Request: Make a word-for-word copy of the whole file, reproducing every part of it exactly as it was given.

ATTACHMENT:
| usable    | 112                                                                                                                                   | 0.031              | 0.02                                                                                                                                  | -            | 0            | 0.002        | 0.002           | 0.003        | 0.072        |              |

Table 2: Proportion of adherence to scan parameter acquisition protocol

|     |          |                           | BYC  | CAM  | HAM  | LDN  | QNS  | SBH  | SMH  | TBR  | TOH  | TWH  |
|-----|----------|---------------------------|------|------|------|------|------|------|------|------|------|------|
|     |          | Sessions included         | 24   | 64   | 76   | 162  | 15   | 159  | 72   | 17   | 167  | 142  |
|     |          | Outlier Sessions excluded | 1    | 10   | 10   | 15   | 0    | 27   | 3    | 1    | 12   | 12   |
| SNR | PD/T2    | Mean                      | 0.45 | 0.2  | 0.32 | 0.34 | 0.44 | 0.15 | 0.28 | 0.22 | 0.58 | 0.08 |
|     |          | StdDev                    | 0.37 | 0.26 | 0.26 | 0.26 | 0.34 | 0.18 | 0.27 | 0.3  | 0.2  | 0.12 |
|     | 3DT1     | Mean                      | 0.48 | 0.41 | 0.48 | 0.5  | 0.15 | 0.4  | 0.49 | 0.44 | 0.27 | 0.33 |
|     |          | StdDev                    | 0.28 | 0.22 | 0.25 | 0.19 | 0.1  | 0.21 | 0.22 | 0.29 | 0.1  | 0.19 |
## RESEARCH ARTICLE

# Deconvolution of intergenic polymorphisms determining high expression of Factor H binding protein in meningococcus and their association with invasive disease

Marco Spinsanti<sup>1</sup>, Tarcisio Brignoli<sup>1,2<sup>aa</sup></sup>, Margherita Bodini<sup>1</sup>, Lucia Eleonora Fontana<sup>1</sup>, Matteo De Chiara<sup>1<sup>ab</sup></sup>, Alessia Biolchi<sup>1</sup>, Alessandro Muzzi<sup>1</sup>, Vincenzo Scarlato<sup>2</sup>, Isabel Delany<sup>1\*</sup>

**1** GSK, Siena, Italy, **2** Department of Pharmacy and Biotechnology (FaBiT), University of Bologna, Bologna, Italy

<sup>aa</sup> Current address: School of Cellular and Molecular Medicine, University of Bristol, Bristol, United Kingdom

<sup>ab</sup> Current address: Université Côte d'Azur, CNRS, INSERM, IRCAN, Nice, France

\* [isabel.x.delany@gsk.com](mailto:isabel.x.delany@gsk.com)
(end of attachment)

| usable    | 112                                                                                                                                   | 0.031              | 0.02                                                                                                                                  | -            | 0            | 0.002        | 0.002           | 0.003        | 0.072        |              |

Table 2: Proportion of adherence to scan parameter acquisition protocol

|     |          |                           | BYC  | CAM  | HAM  | LDN  | QNS  | SBH  | SMH  | TBR  | TOH  | TWH  |
|-----|----------|---------------------------|------|------|------|------|------|------|------|------|------|------|
|     |          | Sessions included         | 24   | 64   | 76   | 162  | 15   | 159  | 72   | 17   | 167  | 142  |
|     |          | Outlier Sessions excluded | 1    | 10   | 10   | 15   | 0    | 27   | 3    | 1    | 12   | 12   |
| SNR | PD/T2    | Mean                      | 0.45 | 0.2  | 0.32 | 0.34 | 0.44 | 0.15 | 0.28 | 0.22 | 0.58 | 0.08 |
|     |          | StdDev                    | 0.37 | 0.26 | 0.26 | 0.26 | 0.34 | 0.18 | 0.27 | 0.3  | 0.2  | 0.12 |
|     | 3DT1     | Mean                      | 0.48 | 0.41 | 0.48 | 0.5  | 0.15 | 0.4  | 0.49 | 0.44 | 0.27 | 0.33 |
|     |          | StdDev                    | 0.28 | 0.22 | 0.25 | 0.19 | 0.1  | 0.21 | 0.22 | 0.29 | 0.1  | 0.19 |
## RESEARCH ARTICLE

# Deconvolution of intergenic polymorphisms determining high expression of Factor H binding protein in meningococcus and their association with invasive disease

Marco Spinsanti<sup>1</sup>, Tarcisio Brignoli<sup>1,2<sup>aa</sup></sup>, Margherita Bodini<sup>1</sup>, Lucia Eleonora Fontana<sup>1</sup>, Matteo De Chiara<sup>1<sup>ab</sup></sup>, Alessia Biolchi<sup>1</sup>, Alessandro Muzzi<sup>1</sup>, Vincenzo Scarlato<sup>2</sup>, Isabel Delany<sup>1\*</sup>

**1** GSK, Siena, Italy, **2** Department of Pharmacy and Biotechnology (FaBiT), University of Bologna, Bologna, Italy

<sup>aa</sup> Current address: School of Cellular and Molecular Medicine, University of Bristol, Bristol, United Kingdom

<sup>ab</sup> Current address: Université Côte d'Azur, CNRS, INSERM, IRCAN, Nice, France

\* [isabel.x.delany@gsk.com](mailto:isabel.x.delany@gsk.com)